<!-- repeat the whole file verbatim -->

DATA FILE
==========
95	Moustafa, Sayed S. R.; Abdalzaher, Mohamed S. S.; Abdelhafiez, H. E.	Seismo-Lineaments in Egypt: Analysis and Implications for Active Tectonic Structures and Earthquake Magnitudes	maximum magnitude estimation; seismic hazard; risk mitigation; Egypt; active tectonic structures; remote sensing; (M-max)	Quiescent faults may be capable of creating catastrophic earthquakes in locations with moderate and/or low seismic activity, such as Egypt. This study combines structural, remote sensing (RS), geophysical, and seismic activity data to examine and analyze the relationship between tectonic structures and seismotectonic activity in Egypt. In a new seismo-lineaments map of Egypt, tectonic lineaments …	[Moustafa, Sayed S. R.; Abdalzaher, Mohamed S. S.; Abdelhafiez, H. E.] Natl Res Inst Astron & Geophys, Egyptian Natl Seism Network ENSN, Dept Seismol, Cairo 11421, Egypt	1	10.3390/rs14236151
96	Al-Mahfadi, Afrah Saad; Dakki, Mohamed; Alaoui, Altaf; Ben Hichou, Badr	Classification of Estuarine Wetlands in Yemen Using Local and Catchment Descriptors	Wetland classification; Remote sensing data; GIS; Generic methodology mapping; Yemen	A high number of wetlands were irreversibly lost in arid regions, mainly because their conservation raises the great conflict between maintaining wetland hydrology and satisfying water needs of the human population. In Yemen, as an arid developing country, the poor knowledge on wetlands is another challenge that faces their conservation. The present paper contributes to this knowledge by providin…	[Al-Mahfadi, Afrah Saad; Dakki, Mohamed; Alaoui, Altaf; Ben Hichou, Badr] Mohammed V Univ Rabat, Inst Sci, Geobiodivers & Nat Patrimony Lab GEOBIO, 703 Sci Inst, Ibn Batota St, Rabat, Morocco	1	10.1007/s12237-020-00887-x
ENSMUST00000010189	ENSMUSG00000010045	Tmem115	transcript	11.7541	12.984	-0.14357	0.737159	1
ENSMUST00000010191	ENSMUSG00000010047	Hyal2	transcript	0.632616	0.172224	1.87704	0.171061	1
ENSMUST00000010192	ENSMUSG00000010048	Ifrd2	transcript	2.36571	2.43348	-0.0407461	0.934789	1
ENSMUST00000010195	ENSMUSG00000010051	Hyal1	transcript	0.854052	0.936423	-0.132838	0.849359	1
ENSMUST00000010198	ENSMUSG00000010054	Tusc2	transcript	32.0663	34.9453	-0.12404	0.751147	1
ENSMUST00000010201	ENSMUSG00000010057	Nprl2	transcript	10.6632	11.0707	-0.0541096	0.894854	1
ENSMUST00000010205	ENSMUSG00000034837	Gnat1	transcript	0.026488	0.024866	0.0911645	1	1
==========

95	Moustafa, Sayed S. R.; Abdalzaher, Mohamed S. S.; Abdelhafiez, H. E.	Seismo-Lineaments in Egypt: Analysis and Implications for Active Tectonic Structures and Earthquake Magnitudes	maximum magnitude estimation; seismic hazard; risk mitigation; Egypt; active tectonic structures; remote sensing; (M-max)	Quiescent faults may be capable of creating catastrophic earthquakes in locations with moderate and/or low seismic activity, such as Egypt. This study combines structural, remote sensing (RS), geophysical, and seismic activity data to examine and analyze the relationship between tectonic structures and seismotectonic activity in Egypt. In a new seismo-lineaments map of Egypt, tectonic lineaments …	[Moustafa, Sayed S. R.; Abdalzaher, Mohamed S. S.; Abdelhafiez, H. E.] Natl Res Inst Astron & Geophys, Egyptian Natl Seism Network ENSN, Dept Seismol, Cairo 11421, Egypt	1	10.3390/rs14236151
96	Al-Mahfadi, Afrah Saad; Dakki, Mohamed; Alaoui, Altaf; Ben Hichou, Badr	Classification of Estuarine Wetlands in Yemen Using Local and Catchment Descriptors	Wetland classification; Remote sensing data; GIS; Generic methodology mapping; Yemen	A high number of wetlands were irreversibly lost in arid regions, mainly because their conservation raises the great conflict between maintaining wetland hydrology and satisfying water needs of the human population. In Yemen, as an arid developing country, the poor knowledge on wetlands is another challenge that faces their conservation. The present paper contributes to this knowledge by providin…	[Al-Mahfadi, Afrah Saad; Dakki, Mohamed; Alaoui, Altaf; Ben Hichou, Badr] Mohammed V Univ Rabat, Inst Sci, Geobiodivers & Nat Patrimony Lab GEOBIO, 703 Sci Inst, Ibn Batota St, Rabat, Morocco	1	10.1007/s12237-020-00887-x
ENSMUST00000010189	ENSMUSG00000010045	Tmem115	transcript	11.7541	12.984	-0.14357	0.737159	1
ENSMUST00000010191	ENSMUSG00000010047	Hyal2	transcript	0.632616	0.172224	1.87704	0.171061	1
ENSMUST00000010192	ENSMUSG00000010048	Ifrd2	transcript	2.36571	2.43348	-0.0407461	0.934789	1
ENSMUST00000010195	ENSMUSG00000010051	Hyal1	transcript	0.854052	0.936423	-0.132838	0.849359	1
ENSMUST00000010198	ENSMUSG00000010054	Tusc2	transcript	32.0663	34.9453	-0.12404	0.751147	1
ENSMUST00000010201	ENSMUSG00000010057	Nprl2	transcript	10.6632	11.0707	-0.0541096	0.894854	1
ENSMUST00000010205	ENSMUSG00000034837	Gnat1	transcript	0.026488	0.024866	0.0911645	1	1